Let’s break this hypothesis down by first looking at the consumption trends of digital music purveyors. The Top 100 tracks on iTunes, Spotify, and other online music providers generally reflect the same broad consumption patterns, in that the same songs (usually pop radio hits) account for the highest of sales and traffic. This suggests the majority of music consumers use streaming music providers to primarily access the songs of the moment. Beyond hot tracks, consumers then find value in the back-catalog that contains their favorite artists- a small group of bands or singers that they follow closely and would support beyond casual streaming (going to concerts, buying albums, etc). The remaining value of streaming services comes from the long tail, or the extensive back-catalog that allows listeners to quickly and easily access a huge bank of tracks that fit a specific moment or immediate need. Soundtracks for parties, seeking out new artists, and other “one-off” listens fall into this category.

Herein lies a substantial difference from Byrne’s arguments. “A culture of blockbusters is sad, and ultimately it’s bad for business,” he says, but based on the listening patterns exhibited on major music services, this culture is currently the main driver of industry profit, with “new” artists often acting as simply a bonus for a sizable number of people.

In theory, many music listeners would agree Bryne’s assertion that “a culture of blockbusters is sad.” The problem, however, is that it’s not a culture of blockbusters that is crowding out new musicians, but a larger-than-ever supply of these new musicians. In Byrne’s excellent book How Music Works, he describes a number of changes in how record companies have operated since the mid-twentieth century. Two of those changes stand out in terms of how artists now make music:

1) Recording costs currently approach zero for many projects. “Now an album can be made on the same laptop you use to check email,” Byrne writes.

2) Manufacturing and distribution costs are also approaching zero. “Digital distribution is pretty close to being free. Digitally, it’s no more expensive to distribute a million copies than a hundred,” he says.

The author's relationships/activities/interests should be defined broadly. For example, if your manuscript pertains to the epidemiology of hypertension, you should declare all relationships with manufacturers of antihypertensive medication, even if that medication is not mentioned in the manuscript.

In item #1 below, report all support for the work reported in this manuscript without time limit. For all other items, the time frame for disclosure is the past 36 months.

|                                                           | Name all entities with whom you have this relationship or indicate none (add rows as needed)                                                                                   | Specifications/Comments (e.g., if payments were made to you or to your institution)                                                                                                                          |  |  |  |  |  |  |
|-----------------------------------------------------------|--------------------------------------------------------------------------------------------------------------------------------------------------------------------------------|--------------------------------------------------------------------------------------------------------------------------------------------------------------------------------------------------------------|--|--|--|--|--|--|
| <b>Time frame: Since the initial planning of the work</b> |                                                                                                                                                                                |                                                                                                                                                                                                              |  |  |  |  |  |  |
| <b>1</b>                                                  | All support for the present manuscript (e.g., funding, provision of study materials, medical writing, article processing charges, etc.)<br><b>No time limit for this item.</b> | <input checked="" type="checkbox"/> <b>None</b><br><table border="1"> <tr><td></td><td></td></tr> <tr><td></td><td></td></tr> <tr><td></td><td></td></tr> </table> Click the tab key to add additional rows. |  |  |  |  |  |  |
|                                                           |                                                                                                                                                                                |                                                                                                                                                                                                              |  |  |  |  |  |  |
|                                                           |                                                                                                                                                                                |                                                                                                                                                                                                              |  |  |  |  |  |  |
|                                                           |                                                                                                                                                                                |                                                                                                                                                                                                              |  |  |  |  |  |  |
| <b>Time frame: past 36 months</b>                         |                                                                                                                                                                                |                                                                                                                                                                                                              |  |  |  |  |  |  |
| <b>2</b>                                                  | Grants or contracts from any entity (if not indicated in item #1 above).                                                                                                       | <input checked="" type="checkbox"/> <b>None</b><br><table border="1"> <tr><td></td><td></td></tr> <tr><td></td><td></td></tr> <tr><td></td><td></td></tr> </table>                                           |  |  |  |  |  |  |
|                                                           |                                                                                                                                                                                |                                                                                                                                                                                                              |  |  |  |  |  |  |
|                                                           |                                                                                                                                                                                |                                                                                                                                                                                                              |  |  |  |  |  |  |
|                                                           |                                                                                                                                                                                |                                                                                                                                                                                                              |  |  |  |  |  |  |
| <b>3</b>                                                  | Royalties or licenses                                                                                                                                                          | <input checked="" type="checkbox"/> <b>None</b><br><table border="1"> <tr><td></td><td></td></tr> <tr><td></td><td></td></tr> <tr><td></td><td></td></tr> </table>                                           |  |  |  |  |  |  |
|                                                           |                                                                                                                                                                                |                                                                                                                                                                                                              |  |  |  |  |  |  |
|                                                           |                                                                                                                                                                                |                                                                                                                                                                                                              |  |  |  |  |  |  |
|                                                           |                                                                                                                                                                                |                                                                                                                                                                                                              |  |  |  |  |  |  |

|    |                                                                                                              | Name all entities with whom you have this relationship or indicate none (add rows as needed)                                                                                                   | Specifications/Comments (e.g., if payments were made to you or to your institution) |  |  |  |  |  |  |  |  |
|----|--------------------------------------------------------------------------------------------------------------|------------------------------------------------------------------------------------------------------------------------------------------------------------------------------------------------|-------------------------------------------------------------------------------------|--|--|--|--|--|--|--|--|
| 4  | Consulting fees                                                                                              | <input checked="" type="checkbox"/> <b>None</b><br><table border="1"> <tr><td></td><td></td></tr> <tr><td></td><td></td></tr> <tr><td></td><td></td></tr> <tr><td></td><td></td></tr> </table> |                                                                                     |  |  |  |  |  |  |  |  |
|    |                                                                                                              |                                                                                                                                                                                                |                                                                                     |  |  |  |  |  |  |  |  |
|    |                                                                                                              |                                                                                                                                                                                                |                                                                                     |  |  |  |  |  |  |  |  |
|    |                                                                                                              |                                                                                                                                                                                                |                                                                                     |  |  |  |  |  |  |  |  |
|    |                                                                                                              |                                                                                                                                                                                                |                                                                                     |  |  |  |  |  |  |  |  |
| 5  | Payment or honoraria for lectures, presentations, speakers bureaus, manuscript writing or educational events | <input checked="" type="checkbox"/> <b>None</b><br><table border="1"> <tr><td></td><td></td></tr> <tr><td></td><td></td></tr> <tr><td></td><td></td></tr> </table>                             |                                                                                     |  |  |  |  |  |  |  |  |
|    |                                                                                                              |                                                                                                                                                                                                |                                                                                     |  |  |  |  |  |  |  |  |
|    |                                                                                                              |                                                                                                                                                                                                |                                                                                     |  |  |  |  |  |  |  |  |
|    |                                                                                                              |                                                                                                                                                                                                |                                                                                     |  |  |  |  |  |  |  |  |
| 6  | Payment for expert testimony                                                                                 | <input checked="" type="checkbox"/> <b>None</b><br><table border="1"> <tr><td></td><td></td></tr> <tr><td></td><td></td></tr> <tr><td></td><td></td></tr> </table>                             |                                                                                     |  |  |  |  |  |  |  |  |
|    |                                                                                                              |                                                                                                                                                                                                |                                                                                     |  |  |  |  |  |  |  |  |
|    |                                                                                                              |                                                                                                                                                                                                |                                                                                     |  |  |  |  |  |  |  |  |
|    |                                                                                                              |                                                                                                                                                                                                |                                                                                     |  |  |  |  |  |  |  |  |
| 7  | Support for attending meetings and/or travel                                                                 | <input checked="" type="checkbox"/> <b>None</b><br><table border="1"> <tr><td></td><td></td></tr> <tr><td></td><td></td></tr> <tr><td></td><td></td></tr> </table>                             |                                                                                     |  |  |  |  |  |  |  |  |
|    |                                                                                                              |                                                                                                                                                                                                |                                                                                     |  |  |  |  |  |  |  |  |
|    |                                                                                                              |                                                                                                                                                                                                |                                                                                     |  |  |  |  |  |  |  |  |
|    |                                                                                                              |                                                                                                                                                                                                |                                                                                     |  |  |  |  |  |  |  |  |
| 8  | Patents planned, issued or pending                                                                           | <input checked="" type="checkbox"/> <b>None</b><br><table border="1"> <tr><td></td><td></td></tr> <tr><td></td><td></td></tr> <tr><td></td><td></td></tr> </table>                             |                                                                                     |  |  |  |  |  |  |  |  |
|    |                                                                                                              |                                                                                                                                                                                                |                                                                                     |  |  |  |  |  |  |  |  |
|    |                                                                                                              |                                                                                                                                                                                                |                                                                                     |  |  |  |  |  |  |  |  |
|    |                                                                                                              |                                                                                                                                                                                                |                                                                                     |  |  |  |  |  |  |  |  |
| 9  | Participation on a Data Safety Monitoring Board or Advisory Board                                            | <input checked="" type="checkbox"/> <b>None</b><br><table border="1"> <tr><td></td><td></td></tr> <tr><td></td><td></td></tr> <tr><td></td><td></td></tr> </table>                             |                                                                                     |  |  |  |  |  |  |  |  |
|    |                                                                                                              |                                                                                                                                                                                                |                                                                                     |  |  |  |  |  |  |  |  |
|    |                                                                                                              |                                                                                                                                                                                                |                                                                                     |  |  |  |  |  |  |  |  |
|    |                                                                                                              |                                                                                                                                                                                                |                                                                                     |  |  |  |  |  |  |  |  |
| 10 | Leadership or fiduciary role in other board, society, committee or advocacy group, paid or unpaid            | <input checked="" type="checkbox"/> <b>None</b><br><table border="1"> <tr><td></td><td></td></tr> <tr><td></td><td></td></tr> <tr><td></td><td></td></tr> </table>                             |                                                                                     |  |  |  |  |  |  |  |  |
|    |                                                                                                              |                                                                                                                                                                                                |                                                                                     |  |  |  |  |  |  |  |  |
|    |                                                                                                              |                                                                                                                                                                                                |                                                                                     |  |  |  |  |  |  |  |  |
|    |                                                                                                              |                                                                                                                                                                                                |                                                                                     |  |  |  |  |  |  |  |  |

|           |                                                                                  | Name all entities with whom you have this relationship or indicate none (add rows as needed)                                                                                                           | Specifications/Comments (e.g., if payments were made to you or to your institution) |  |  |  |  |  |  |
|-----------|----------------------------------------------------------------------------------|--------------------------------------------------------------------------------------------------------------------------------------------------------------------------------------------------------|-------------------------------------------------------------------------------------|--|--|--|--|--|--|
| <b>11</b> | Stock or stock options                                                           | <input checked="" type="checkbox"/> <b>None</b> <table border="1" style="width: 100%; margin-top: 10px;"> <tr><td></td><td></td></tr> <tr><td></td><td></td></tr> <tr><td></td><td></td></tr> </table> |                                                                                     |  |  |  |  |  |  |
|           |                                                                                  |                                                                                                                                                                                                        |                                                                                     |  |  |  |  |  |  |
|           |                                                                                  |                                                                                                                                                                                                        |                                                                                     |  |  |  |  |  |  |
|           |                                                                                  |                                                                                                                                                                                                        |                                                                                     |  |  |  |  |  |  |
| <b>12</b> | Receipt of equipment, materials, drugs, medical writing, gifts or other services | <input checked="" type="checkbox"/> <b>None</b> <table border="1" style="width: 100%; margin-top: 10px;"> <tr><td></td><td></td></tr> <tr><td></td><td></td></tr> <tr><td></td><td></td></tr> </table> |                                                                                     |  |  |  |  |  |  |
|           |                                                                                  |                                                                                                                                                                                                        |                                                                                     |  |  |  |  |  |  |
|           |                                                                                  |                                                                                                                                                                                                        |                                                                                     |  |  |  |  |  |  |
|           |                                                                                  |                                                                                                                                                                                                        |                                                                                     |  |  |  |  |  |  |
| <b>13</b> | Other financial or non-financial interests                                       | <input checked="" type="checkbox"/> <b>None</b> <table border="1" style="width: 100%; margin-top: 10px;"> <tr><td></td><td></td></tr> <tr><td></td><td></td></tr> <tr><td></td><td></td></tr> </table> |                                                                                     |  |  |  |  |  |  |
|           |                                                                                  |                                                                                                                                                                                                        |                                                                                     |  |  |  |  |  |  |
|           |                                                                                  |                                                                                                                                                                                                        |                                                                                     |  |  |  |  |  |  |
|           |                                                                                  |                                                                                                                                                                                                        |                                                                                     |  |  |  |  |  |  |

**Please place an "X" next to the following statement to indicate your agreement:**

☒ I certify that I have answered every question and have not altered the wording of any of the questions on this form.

If there are minimal costs to both create music and disseminate it to potential listeners, basic economics dictates that the supply of music is going to increase since more people now have the ability to make and share it. And supply has increased, greased by improving technological standards that allow people to download and stream music in almost no time at all. We may be living in a “culture of blockbusters” as Byrne asserts, but we’re simultaneously living in an era of unprecedented musical flourishing spurred by the collapse of a hierarchical structure for getting music to the public. Anyone can make music and earn a following with greater ease than ever before.

Ironically, though, the increasingly horizontal nature of music creation is spurring the deleterious effects that Byrne discusses in his op-ed. When the supply of artists increases, I argue that consumers begin to place less value in a given individual artist because there are so many alternate songs or albums that can act as effective supplements. This problem is exacerbated by a service like Spotify, which people use primarily to find hits and see the long-tail artist catalog as a cherry on top. If there is a fixed percentage of long-tail streams (versus hot 100 or radio hit streams), and more artists continue to enter this fixed pool, the average individual attention for each artist is going to drop. More artists results in a devaluation of individual musicians since there’s simply more potential music to choose from.

The technology that has allowed more people to create music is also shaping how we conceive of the value of music and individual songs. That music is now so easily accessible on YouTube and via piracy suggests it is being assigned an inherently lower value than other forms of art. I believe that our modern conception of media value is increasingly a positive function of two factors: file size and length. The larger an object’s file size and the longer its length, the higher the price we’re willing to pay for it (notwithstanding the actual unit costs that are associated with each object). I’d maintain this is partly why people are willing to pay $50-60 for video games (large file size, 40+ hours) and $15 for films (medium file size, 2-3 hours). This isn’t to say every piece of media is inherently valued at these levels across the board, but it suggests a trend for what people expect a given media product should be worth.

Not surprisingly, music comes off pretty poorly in this equation. Low file sizes make it the easiest form of media to pirate and upload to YouTube, and short track lengths (usually 3-4 minutes) suggest a commodity that is exchangeable and transient. This is especially the case when there is no corresponding physical packaging.